Infertility is a heartbreaking experience that carries a huge emotional toll, and the reasons for it remain elusive or unknown. Some of the factors that influence your fertility might have occurred before you were even born.
A Danish study, led by Linn Arendt of Aarhus University, has revealed that if a mother’s pre-pregnancy weight falls in the overweight range, it can increase the chances of infertility for future sons – but has no affect on future daughters trying to conceive.
Key research points
- A mother’s pre-pregnancy weight can affect the future fertility of her sons
- Adult sons of overweight or obese mothers had a 1.4 times greater risk of infertility
- There was no correlation between a mother’s pre-pregnancy weight and the fertility of her adult daughters
Infertility affects about 12% of couples, they report. One third of cases are due to male reproductive issues, another third is due to female reproductive issues, and the final third is due to a combination of male and female, or to unknown, factors.
The study highlights how the causes of infertility are diverse and long-reaching, and can also be a specific problem for one sex.
“Infertility is a global public health issue, and it is important that research focuses on addressing risk factors,” says Arendt.
The study included 9232 adult sons and daughters, of which 9.4% struggled with infertility.
The research team found that adult sons were 1.4 times more at risk of infertility if their mothers had a body mass index (BMI) of over 25 kg/m2 before their son was born, compared to mothers with a BMI of 18.5–24.9kg/m2.
Interestingly, they found no association between pre-pregnancy weight of mothers and infertility in adult daughters. Additional studies are required to investigate the one-sided trend of this particular risk factor.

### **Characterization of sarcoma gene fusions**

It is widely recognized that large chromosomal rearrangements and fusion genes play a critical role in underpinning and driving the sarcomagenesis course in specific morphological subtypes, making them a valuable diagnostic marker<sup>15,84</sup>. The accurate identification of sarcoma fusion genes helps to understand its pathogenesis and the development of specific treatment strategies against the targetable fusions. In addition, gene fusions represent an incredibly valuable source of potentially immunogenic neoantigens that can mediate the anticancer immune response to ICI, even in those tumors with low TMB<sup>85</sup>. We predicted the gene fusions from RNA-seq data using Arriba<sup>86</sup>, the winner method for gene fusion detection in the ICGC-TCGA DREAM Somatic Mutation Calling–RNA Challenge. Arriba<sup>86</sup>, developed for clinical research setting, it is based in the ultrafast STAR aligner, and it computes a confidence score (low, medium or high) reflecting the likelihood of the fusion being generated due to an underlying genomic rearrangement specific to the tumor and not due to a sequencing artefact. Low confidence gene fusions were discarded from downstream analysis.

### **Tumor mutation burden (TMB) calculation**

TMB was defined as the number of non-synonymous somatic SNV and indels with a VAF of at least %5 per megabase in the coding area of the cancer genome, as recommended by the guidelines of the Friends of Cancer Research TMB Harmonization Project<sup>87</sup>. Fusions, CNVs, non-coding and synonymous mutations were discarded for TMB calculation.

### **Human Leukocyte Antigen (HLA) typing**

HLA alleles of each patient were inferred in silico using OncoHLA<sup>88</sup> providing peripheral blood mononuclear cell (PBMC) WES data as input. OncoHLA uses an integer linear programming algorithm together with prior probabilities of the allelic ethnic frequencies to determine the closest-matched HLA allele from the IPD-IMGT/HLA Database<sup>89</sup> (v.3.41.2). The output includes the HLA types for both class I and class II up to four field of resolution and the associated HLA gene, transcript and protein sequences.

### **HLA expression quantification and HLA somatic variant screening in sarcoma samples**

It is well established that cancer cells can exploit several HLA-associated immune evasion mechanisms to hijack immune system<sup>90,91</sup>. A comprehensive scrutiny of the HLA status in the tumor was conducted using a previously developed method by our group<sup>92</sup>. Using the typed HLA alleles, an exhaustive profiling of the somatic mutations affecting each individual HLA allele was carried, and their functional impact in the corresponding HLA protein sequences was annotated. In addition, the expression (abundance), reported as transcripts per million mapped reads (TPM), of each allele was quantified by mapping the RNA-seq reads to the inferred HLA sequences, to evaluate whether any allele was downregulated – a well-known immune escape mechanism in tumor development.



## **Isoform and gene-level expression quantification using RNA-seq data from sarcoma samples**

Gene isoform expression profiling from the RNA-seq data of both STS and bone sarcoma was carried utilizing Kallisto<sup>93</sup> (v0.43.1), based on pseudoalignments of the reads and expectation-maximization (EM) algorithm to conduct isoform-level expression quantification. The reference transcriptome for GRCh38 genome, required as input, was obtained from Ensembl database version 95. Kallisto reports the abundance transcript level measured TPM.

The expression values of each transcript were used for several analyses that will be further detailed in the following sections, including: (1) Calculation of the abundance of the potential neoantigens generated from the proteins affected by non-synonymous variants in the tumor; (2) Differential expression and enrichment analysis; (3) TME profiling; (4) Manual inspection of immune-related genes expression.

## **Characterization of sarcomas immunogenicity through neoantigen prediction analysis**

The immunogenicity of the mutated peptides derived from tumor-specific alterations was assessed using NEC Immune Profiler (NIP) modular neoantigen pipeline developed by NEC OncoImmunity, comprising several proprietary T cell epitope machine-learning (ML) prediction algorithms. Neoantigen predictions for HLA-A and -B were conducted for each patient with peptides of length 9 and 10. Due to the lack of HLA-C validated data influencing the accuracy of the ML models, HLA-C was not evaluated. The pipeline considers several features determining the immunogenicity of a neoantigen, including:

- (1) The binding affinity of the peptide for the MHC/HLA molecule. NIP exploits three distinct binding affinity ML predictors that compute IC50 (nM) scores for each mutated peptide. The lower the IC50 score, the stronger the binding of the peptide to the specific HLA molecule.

- “Infertility” refers to no success in conceiving for a year or longer and is considered a global health issue
- Infertility affects 1 in 9 Australian couples
- There’s an equal chance that infertility is due to reproductive issues of either the male or female
“We know that children born to mothers in the overweight or obesity weight range face higher risks of several adverse outcomes, both in the short and long term,” says Arendt.
“These findings add to evidence that weight during pregnancy may also affect male future reproductive health; however, the findings need to be corroborated in future studies.”
This is a relatively small study with interesting implications, especially as it suggests that the potential cause of infertility in some of the men occurs so long in the past. Further studies will help to determine whether this is a world-wide trend.
This study was recently published in the journal Acta Obstetricia et Gynecologica Scandinavica.
Deborah Devis is a science journalist at Cosmos. She has a Bachelor of Liberal Arts and Science (Honours) in biology and philosophy from the University of Sydney, and a PhD in plant molecular genetics from the University of Adelaide.
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